We randomised 324 patients and 74% were followed up at 52 weeks. The difference between groups was not statistically significant for the primary outcome (WSAS at 52 weeks: estimated difference −1.48 points, 95% confidence interval from −3.44 to 0.48, p = 0.139). However, the results indicated that some secondary outcomes had a treatment effect in favour of TDT-CBT + SMC with three outcomes showing a statistically significant difference between groups. These were WSAS at 20 weeks (p = 0.016) at the end of treatment and the PHQ-15 (p = 0.013) and CGI at 52 weeks (p = 0.011).
We have preliminary evidence that TDT-CBT + SMC may be helpful for people with a range of PPS. However, further study is required to maximise or maintain effects seen at end of treatment.
Memory symptoms and objective impairment are common in HIV disease and are associated with disability. A paradoxical issue is that objective episodic memory failures can interfere with accurate recall of memory symptoms. The present study assessed whether responses on a self-report scale of memory symptoms demonstrate measurement invariance in persons with and without objective HIV-associated memory impairment.
In total, 505 persons with HIV completed the Prospective and Retrospective Memory Questionnaire (PRMQ). Objective memory impairment (n = 141) was determined using a 1-SD cutoff on clinical tests of episodic memory. PRMQ measurement invariance was assessed by confirmatory factor analyses examining a one-factor model with increasing cross-group equality constraints imposed on factor loadings and item thresholds (i.e., configural, weak, and strong invariance).
Configural model fit indicated that identical items measured a one-factor model for both groups. Comparison to the weak model indicated that factor loadings were equivalent across groups. However, there was evidence of partial strong invariance, with two PRMQ item thresholds differing across memory impairment groups. Post hoc analyses using a 1.5-SD memory impairment cutoff (n = 77) revealed both partial weak and partial strong invariance, such that PRMQ item loadings differed across memory groups for three items.
The PRMQ demonstrated a robust factor structure among persons with and without objective HIV-associated memory impairment. However, on select PRMQ items, individuals with memory impairment reported observed scores that were relatively higher than their latent score, while items were more strongly associated with the memory factor in a group with greater memory impairment.
To determine whether a hospital-wide universal gloving program resulted in increased hand hygiene compliance and reduced inpatient Clostridioides difficile infection (CDI) rates.
We carried out a multiple-year before-and-after quasi-experimental quality improvement study. Gloving and hand hygiene compliance data as well as hospital-acquired infection rates were prospectively collected from January 1, 2015, to December 31, 2017, by secret monitors.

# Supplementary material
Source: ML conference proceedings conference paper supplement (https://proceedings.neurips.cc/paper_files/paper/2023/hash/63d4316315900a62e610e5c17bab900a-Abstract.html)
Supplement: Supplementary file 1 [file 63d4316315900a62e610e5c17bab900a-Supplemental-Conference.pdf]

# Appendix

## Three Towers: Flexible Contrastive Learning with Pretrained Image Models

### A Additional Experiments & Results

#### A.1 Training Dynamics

The University of Rochester Strong Memorial Hospital, an 849-bed quaternary-care teaching hospital.
All adult inpatients with the exception of patients in the obstetrics unit.
A hospital-wide universal gloving protocol was initiated on January 1, 2016.
Hand hygiene compliance increased from 68% in 2015 reaching an average of 88% by 2017 (P < .0002). A 10% increase in gloving per unit was associated with a 1.13-fold increase in the odds of hand hygiene (95% credible interval, 1.12–1.14). The rates of CDI decreased from 1.05 infections per 1,000 patient days in 2015 to 0.74 in 2017 (P < .04).
A universal gloving initiative was associated with a statistically significant increase in both gloving and hand hygiene compliance. CDI rates decreased during this intervention.
Dying is mostly seen as a dreadful event, never a happy experience. Yet, as palliative care physicians, we have seen so many patients who remained happy despite facing death. Hence, we conducted this qualitative study to explore happiness in palliative care patients at the University of Malaya Medical Centre.
Twenty terminally ill patients were interviewed with semi-structured questions. The results were thematically analyzed.
Eight themes were generated: the meaning of happiness, connections, mindset, pleasure, health, faith, wealth, and work. Our results showed that happiness is possible at the end of life. Happiness can coexist with pain and suffering. Social connections were the most important element of happiness at the end of life. Wealth and work were given the least emphasis. From the descriptions of our patients, we recognized a tendency for the degree of importance to shift from the hedonic happiness to eudaimonic happiness as patients experienced a terminal illness.
Significance of results
To increase the happiness of palliative care patients, it is crucial to assess the meaning of happiness for each patient and the degree of importance for each happiness domain to allow targeted interventions.